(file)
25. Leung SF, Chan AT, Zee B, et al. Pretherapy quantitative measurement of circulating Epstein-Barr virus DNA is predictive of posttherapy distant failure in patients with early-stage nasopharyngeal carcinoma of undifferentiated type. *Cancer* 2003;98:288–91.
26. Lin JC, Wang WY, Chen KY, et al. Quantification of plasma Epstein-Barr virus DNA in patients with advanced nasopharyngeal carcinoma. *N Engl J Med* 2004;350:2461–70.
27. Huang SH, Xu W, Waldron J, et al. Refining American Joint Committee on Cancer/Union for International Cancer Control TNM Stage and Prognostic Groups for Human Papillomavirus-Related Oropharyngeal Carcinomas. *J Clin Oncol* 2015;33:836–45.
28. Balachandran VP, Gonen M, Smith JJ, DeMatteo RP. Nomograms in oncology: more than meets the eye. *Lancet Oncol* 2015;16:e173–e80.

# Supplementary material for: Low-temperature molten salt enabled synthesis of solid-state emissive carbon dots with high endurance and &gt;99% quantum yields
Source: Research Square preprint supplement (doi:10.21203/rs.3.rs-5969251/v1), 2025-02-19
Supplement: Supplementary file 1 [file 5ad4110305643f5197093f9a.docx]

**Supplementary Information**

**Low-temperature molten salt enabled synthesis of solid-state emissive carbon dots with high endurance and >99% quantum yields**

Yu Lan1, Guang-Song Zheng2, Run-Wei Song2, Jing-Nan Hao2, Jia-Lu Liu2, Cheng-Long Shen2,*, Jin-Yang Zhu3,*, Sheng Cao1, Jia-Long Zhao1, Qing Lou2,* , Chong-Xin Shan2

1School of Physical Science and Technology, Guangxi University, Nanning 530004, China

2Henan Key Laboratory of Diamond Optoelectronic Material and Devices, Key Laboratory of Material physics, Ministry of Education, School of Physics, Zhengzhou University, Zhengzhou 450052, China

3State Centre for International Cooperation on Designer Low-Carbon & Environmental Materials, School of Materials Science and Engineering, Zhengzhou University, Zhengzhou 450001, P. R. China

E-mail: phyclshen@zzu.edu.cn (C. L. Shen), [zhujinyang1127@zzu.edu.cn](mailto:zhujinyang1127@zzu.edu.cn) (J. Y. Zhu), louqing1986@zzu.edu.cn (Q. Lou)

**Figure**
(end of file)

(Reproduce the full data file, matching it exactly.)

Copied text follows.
25. Leung SF, Chan AT, Zee B, et al. Pretherapy quantitative measurement of circulating Epstein-Barr virus DNA is predictive of posttherapy distant failure in patients with early-stage nasopharyngeal carcinoma of undifferentiated type. *Cancer* 2003;98:288–91.
26. Lin JC, Wang WY, Chen KY, et al. Quantification of plasma Epstein-Barr virus DNA in patients with advanced nasopharyngeal carcinoma. *N Engl J Med* 2004;350:2461–70.
27. Huang SH, Xu W, Waldron J, et al. Refining American Joint Committee on Cancer/Union for International Cancer Control TNM Stage and Prognostic Groups for Human Papillomavirus-Related Oropharyngeal Carcinomas. *J Clin Oncol* 2015;33:836–45.
28. Balachandran VP, Gonen M, Smith JJ, DeMatteo RP. Nomograms in oncology: more than meets the eye. *Lancet Oncol* 2015;16:e173–e80.

# Supplementary material for: Low-temperature molten salt enabled synthesis of solid-state emissive carbon dots with high endurance and &gt;99% quantum yields
Source: Research Square preprint supplement (doi:10.21203/rs.3.rs-5969251/v1), 2025-02-19
Supplement: Supplementary file 1 [file 5ad4110305643f5197093f9a.docx]

**Supplementary Information**

**Low-temperature molten salt enabled synthesis of solid-state emissive carbon dots with high endurance and >99% quantum yields**

Yu Lan1, Guang-Song Zheng2, Run-Wei Song2, Jing-Nan Hao2, Jia-Lu Liu2, Cheng-Long Shen2,*, Jin-Yang Zhu3,*, Sheng Cao1, Jia-Long Zhao1, Qing Lou2,* , Chong-Xin Shan2

1School of Physical Science and Technology, Guangxi University, Nanning 530004, China

2Henan Key Laboratory of Diamond Optoelectronic Material and Devices, Key Laboratory of Material physics, Ministry of Education, School of Physics, Zhengzhou University, Zhengzhou 450052, China

3State Centre for International Cooperation on Designer Low-Carbon & Environmental Materials, School of Materials Science and Engineering, Zhengzhou University, Zhengzhou 450001, P. R. China

E-mail: phyclshen@zzu.edu.cn (C. L. Shen), [zhujinyang1127@zzu.edu.cn](mailto:zhujinyang1127@zzu.edu.cn) (J. Y. Zhu), louqing1986@zzu.edu.cn (Q. Lou)

**Figure**